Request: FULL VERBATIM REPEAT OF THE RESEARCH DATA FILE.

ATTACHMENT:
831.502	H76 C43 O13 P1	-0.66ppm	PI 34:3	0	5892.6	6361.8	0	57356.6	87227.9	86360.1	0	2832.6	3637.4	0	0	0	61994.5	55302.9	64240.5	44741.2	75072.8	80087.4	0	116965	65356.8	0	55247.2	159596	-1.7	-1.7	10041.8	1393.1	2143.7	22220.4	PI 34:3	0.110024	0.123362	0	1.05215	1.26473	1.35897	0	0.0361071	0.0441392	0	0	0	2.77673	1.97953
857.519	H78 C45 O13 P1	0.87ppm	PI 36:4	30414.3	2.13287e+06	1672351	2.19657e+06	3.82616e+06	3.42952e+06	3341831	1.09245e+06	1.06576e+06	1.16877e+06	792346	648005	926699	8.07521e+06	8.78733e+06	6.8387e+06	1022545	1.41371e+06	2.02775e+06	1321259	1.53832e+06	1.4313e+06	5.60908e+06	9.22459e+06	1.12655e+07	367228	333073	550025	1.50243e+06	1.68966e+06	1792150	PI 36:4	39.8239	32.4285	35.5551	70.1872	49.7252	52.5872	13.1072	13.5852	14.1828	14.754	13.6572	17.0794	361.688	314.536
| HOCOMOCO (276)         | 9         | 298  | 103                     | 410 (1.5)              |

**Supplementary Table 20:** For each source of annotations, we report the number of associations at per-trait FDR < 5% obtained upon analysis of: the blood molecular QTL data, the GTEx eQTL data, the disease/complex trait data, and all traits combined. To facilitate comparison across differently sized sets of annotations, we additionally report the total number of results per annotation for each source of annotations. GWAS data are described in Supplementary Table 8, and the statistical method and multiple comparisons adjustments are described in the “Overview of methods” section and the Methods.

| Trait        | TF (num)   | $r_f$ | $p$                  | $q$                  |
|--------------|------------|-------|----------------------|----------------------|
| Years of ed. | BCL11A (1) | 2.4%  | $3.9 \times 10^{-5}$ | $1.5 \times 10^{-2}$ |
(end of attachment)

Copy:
831.502	H76 C43 O13 P1	-0.66ppm	PI 34:3	0	5892.6	6361.8	0	57356.6	87227.9	86360.1	0	2832.6	3637.4	0	0	0	61994.5	55302.9	64240.5	44741.2	75072.8	80087.4	0	116965	65356.8	0	55247.2	159596	-1.7	-1.7	10041.8	1393.1	2143.7	22220.4	PI 34:3	0.110024	0.123362	0	1.05215	1.26473	1.35897	0	0.0361071	0.0441392	0	0	0	2.77673	1.97953
857.519	H78 C45 O13 P1	0.87ppm	PI 36:4	30414.3	2.13287e+06	1672351	2.19657e+06	3.82616e+06	3.42952e+06	3341831	1.09245e+06	1.06576e+06	1.16877e+06	792346	648005	926699	8.07521e+06	8.78733e+06	6.8387e+06	1022545	1.41371e+06	2.02775e+06	1321259	1.53832e+06	1.4313e+06	5.60908e+06	9.22459e+06	1.12655e+07	367228	333073	550025	1.50243e+06	1.68966e+06	1792150	PI 36:4	39.8239	32.4285	35.5551	70.1872	49.7252	52.5872	13.1072	13.5852	14.1828	14.754	13.6572	17.0794	361.688	314.536
| HOCOMOCO (276)         | 9         | 298  | 103                     | 410 (1.5)              |

**Supplementary Table 20:** For each source of annotations, we report the number of associations at per-trait FDR < 5% obtained upon analysis of: the blood molecular QTL data, the GTEx eQTL data, the disease/complex trait data, and all traits combined. To facilitate comparison across differently sized sets of annotations, we additionally report the total number of results per annotation for each source of annotations. GWAS data are described in Supplementary Table 8, and the statistical method and multiple comparisons adjustments are described in the “Overview of methods” section and the Methods.

| Trait        | TF (num)   | $r_f$ | $p$                  | $q$                  |
|--------------|------------|-------|----------------------|----------------------|
| Years of ed. | BCL11A (1) | 2.4%  | $3.9 \times 10^{-5}$ | $1.5 \times 10^{-2}$ |